Studycat is a language learning app for young learners. It aims to ‘revolutionise the way kids learn a foreign language, by making it fun and engaging’. According to the Studycat website, the app has been downloaded by 11 million families, it is multi-award winning, and it provides opportunities to learn more than just English – Chinese, French, Spanish and German too.
The main approach is learning through play. It aims to ‘create gameplay that naturally leads to language acquisition’. This very brief video from the Studycat subscription channel should give you a feel for the app:
As with many edtech tools, Studycat is currently free to support home learning (Corona), so it’s a good time to check it out. It comes with a LMS and book resources, although I am reviewing this product based mainly on the app as it appears to be the driving force of the product. (more…)
The NILE Membership area is a new section on the Norwich Institute of Language Education site. It includes various resources created for language educators by the NILE trainers. There’s new content added each month and (best of all) it is completely FREE to become a NILE member. So, with that in mind, sign up!
Let’s take a look at what’s on offer…
The platform is very easy to navigate. There are nine sections on the site which are all displayed on the member’s area homepage. These are: (more…)
The Learning Power Approach (LPA) proposes that teachers encourage learners to cultivate an array of traits which are seen as beneficial for lifelong learning. These traits, or learning dispositions, include various cognitive, metacognitive and behavioural strategies/processes/habits – summarised on the first page of the book:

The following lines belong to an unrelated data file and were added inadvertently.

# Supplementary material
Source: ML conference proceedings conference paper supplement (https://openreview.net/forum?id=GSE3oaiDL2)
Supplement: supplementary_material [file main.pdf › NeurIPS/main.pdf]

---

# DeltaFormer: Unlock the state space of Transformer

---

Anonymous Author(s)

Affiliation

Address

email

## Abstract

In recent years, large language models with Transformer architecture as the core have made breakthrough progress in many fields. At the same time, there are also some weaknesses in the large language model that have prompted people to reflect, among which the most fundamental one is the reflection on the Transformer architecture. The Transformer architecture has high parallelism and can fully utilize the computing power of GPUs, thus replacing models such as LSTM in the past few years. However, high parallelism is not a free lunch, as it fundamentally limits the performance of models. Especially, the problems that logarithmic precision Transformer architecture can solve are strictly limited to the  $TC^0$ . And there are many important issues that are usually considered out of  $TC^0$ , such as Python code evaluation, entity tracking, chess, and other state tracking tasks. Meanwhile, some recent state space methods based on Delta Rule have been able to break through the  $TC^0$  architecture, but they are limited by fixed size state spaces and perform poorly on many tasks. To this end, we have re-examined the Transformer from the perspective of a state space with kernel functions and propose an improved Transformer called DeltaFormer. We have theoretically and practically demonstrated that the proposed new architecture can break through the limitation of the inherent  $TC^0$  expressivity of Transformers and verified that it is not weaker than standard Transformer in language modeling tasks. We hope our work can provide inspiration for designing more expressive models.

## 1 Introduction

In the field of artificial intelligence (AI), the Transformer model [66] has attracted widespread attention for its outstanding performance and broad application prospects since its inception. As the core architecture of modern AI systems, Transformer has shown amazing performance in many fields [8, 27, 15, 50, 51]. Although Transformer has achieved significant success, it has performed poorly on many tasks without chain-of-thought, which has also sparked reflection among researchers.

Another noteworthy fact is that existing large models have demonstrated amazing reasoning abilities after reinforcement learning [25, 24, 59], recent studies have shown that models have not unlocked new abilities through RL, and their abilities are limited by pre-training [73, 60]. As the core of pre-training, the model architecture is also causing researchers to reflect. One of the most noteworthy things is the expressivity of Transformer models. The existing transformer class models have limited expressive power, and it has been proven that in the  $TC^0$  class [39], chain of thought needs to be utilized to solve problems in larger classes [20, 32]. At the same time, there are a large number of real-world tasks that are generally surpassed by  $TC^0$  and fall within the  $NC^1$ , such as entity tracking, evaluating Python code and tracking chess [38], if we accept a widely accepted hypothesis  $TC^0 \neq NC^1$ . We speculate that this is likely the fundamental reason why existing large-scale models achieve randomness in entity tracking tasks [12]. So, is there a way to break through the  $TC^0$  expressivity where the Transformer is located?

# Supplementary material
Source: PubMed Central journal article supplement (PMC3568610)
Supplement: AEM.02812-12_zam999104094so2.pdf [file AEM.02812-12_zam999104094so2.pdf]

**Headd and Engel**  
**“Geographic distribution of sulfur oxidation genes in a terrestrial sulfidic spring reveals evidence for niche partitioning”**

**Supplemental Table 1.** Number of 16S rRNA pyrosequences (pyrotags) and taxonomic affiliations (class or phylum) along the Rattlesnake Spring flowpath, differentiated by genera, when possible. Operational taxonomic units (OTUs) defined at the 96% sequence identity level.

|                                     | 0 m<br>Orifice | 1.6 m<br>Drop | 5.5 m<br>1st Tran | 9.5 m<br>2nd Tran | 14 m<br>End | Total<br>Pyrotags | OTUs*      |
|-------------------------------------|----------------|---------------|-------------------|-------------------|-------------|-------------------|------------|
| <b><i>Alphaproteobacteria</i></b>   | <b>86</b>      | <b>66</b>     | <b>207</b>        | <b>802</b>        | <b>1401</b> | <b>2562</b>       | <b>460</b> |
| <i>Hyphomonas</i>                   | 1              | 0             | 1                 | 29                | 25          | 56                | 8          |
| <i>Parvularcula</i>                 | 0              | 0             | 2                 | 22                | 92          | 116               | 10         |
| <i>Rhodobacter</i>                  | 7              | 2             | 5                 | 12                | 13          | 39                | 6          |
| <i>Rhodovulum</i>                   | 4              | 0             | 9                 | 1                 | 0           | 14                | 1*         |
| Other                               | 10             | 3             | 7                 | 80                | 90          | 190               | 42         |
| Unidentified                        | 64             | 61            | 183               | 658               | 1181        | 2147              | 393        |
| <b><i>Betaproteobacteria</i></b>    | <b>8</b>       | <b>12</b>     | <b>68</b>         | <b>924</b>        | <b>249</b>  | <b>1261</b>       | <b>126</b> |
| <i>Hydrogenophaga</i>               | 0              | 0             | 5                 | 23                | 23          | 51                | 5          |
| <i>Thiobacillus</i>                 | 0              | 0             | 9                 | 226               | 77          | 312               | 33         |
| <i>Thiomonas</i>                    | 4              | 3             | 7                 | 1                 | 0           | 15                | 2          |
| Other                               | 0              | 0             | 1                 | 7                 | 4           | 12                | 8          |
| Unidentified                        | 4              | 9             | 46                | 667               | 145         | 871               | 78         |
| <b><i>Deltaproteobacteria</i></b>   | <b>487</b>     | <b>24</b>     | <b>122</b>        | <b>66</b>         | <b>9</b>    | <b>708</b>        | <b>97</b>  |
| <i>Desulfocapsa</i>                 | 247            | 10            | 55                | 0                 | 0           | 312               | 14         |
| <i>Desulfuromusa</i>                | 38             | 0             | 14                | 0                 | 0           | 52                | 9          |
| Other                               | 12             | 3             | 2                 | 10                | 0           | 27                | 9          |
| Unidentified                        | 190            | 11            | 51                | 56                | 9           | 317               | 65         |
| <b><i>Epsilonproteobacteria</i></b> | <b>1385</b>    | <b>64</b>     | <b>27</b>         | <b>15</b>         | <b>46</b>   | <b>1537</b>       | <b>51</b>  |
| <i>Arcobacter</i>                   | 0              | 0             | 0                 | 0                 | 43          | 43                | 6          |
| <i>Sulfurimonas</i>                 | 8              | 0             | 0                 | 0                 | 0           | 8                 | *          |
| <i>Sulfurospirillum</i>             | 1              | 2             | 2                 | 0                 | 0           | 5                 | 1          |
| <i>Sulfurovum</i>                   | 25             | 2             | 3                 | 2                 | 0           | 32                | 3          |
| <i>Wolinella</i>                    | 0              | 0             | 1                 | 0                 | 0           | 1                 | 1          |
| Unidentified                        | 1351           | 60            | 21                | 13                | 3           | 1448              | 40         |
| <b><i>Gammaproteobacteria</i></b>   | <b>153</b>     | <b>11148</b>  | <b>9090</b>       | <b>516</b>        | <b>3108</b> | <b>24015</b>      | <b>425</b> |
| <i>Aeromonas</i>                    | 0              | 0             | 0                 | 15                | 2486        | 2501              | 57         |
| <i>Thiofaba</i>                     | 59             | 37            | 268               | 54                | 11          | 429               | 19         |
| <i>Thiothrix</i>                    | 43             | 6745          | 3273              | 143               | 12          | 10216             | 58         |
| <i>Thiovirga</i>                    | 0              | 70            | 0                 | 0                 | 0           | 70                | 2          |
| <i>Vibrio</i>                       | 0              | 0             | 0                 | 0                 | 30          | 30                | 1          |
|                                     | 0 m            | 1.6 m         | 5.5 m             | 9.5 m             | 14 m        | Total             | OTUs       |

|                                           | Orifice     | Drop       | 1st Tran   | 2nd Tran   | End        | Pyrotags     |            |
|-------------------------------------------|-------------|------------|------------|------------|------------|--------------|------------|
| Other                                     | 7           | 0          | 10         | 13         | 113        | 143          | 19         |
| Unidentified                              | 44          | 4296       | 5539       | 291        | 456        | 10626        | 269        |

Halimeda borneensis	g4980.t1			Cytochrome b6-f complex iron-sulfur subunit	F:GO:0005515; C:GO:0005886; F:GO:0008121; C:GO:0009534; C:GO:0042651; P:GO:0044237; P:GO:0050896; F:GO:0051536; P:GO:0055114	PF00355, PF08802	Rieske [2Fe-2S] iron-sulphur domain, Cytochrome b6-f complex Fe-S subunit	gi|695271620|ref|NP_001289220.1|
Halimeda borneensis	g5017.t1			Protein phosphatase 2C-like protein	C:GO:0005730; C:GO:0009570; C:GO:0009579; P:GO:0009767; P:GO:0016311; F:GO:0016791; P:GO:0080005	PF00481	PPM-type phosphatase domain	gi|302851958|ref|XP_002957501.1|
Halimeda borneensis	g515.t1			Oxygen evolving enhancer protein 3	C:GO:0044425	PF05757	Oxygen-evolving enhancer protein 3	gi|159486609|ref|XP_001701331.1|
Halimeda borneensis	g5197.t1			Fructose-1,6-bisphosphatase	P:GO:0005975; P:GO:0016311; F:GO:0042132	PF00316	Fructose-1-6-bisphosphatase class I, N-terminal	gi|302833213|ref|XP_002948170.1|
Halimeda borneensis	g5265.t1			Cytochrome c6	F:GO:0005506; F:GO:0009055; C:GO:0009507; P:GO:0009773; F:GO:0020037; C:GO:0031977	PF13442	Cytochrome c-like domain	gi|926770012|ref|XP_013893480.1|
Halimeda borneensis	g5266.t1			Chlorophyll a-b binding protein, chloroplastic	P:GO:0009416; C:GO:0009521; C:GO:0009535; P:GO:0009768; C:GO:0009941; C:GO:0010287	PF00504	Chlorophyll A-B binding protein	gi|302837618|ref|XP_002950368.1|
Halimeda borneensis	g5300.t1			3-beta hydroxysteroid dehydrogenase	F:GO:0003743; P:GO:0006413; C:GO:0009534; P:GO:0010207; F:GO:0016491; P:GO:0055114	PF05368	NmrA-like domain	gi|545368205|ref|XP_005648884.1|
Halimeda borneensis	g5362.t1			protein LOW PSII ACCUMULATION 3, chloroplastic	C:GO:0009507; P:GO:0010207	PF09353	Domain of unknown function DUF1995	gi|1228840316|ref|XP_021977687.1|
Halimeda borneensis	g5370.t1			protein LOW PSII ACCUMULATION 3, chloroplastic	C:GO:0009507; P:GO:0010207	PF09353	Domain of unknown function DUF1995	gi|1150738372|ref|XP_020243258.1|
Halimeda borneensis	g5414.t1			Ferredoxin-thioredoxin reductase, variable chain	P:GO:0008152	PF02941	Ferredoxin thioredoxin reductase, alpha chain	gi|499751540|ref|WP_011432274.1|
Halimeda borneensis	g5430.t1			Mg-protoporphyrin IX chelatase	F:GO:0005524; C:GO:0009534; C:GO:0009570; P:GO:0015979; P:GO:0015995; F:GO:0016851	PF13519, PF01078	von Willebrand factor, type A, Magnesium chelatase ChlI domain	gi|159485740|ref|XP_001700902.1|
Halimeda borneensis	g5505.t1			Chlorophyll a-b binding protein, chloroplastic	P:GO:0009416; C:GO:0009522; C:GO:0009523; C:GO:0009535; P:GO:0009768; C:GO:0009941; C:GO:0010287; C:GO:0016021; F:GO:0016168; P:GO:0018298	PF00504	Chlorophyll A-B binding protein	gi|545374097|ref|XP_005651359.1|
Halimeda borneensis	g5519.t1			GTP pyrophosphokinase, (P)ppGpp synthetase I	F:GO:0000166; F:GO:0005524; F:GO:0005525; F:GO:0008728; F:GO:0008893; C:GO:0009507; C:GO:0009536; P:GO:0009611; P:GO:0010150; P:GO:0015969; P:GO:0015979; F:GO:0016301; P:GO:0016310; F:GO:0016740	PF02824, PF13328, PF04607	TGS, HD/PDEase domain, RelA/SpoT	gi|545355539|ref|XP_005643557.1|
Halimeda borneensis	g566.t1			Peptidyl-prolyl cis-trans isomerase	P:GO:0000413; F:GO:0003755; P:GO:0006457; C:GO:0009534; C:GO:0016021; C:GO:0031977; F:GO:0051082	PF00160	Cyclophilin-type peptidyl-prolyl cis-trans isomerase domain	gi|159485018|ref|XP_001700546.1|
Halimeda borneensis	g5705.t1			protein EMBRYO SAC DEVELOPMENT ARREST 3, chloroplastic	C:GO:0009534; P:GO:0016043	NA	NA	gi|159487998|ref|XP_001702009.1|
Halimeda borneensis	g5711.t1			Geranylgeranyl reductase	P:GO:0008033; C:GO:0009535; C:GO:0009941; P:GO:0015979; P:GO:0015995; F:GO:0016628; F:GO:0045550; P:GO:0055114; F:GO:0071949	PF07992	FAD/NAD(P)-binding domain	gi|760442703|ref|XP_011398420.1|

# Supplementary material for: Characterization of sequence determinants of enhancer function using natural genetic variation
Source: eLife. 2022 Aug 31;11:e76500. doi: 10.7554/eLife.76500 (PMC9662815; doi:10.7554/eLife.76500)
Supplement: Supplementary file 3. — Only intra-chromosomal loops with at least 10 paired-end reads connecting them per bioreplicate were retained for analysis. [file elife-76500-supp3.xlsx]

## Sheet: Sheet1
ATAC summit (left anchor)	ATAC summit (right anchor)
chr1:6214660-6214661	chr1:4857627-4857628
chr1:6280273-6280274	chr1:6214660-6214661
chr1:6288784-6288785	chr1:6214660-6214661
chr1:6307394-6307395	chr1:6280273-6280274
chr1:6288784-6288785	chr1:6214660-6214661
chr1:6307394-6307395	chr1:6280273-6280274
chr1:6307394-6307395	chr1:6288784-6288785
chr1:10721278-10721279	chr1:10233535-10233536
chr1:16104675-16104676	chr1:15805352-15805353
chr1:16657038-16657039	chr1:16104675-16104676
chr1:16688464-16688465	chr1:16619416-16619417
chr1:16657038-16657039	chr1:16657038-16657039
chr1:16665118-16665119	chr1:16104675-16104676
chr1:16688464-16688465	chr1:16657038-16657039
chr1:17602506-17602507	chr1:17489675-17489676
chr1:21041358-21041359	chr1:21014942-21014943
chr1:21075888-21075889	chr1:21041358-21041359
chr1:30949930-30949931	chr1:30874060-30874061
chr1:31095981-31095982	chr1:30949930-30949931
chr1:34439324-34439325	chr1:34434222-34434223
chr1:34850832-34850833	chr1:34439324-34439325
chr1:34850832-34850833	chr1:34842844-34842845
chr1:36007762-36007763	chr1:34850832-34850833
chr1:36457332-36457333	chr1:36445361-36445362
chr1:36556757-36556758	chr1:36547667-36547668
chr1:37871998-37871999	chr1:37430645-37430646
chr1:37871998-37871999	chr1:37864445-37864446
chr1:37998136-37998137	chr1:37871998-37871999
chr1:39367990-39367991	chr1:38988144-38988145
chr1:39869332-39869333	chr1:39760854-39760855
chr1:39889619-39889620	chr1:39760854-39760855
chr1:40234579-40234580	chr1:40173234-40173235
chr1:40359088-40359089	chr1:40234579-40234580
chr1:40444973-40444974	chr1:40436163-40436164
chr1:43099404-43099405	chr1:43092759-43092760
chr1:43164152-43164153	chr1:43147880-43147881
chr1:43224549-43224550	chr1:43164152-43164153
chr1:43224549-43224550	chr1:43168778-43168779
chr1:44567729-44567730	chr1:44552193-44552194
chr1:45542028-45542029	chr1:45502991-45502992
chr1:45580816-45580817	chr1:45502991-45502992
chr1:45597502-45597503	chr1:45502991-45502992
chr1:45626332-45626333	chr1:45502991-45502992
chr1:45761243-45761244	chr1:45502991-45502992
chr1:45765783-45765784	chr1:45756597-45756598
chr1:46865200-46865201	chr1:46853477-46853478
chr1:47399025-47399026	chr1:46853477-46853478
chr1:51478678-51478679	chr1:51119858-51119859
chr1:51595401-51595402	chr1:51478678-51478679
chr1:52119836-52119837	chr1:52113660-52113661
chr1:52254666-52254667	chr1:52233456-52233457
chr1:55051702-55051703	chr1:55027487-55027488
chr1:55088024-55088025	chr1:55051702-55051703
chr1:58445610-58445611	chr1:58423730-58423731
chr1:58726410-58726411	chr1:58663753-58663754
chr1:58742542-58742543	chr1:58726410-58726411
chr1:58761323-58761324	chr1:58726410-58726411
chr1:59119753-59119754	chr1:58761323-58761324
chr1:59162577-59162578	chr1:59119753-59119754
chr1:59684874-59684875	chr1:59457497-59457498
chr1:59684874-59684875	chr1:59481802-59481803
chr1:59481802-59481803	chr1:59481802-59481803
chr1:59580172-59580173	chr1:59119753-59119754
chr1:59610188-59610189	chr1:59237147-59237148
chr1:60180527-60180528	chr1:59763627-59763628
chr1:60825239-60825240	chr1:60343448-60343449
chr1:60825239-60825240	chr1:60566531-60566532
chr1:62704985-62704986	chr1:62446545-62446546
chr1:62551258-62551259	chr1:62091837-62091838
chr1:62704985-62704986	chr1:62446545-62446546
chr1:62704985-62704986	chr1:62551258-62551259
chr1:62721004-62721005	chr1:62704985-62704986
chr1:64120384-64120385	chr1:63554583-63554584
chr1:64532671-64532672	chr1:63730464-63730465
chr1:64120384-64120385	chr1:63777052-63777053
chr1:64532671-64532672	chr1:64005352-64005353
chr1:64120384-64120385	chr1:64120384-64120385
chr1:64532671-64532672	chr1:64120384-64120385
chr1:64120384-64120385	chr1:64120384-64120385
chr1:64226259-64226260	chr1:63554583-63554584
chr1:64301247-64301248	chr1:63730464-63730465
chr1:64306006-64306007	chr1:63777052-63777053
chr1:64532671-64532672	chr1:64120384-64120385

Claxton concedes that cultivating these dispositions may be nothing new and may just be considered good practice by some teachers. (Note, Claxton is clearly not referring to us EFL teachers! Or am I speaking for myself? Probably…). However, the fundamental difference between the LPA as opposed to other approaches, when it comes to developing these dispositions, is purpose. Referring to the work of John Hattie, Dylan Wiliam and others, Claxton stresses that the reason teachers encourage the development of learning dispositions is often because they facilitate academic achievement. He explains that… (more…)
The resource catalogue for Ready to Run is generally easy to navigate, although better tagging might make searching for relevant resources more efficient. There are currently about 10 videos available at each CEFR-aligned level (A1-B2). The digital content itself is certainly varied, and likely to be engaging for a wide range of learners. Videos are high quality, a suitable length (most around three minutes) and have been well-edited. The videos are initially sourced from vlogs, TV programmes, and other authentic broadcasts, and then are adapted for classroom use. The selection of topics is inclusive and relevant – it is good to see that the platform offers resources that address issues such as immigration, refugee crises, climate change, and minority groups. Topics are dealt with sensitively, and follow-up project-based tasks on the video content encourage learners to explore these topics in greater detail. The willingness of Ready to Run to deal with some topics that tend to be avoided in global coursebooks is certainly a strength. (more…)
Here’s another resource from the giant box I was sent from ELi publishing. I saved reviewing this one until I actually had a good reason to try it out. My teens are studying the natural world / the environment at the moment, so it’s perfect timing…
Play for the Planet is a ‘culture and CLIL’-focused board game. The language goal for the resource is to review and practice environment related vocabulary.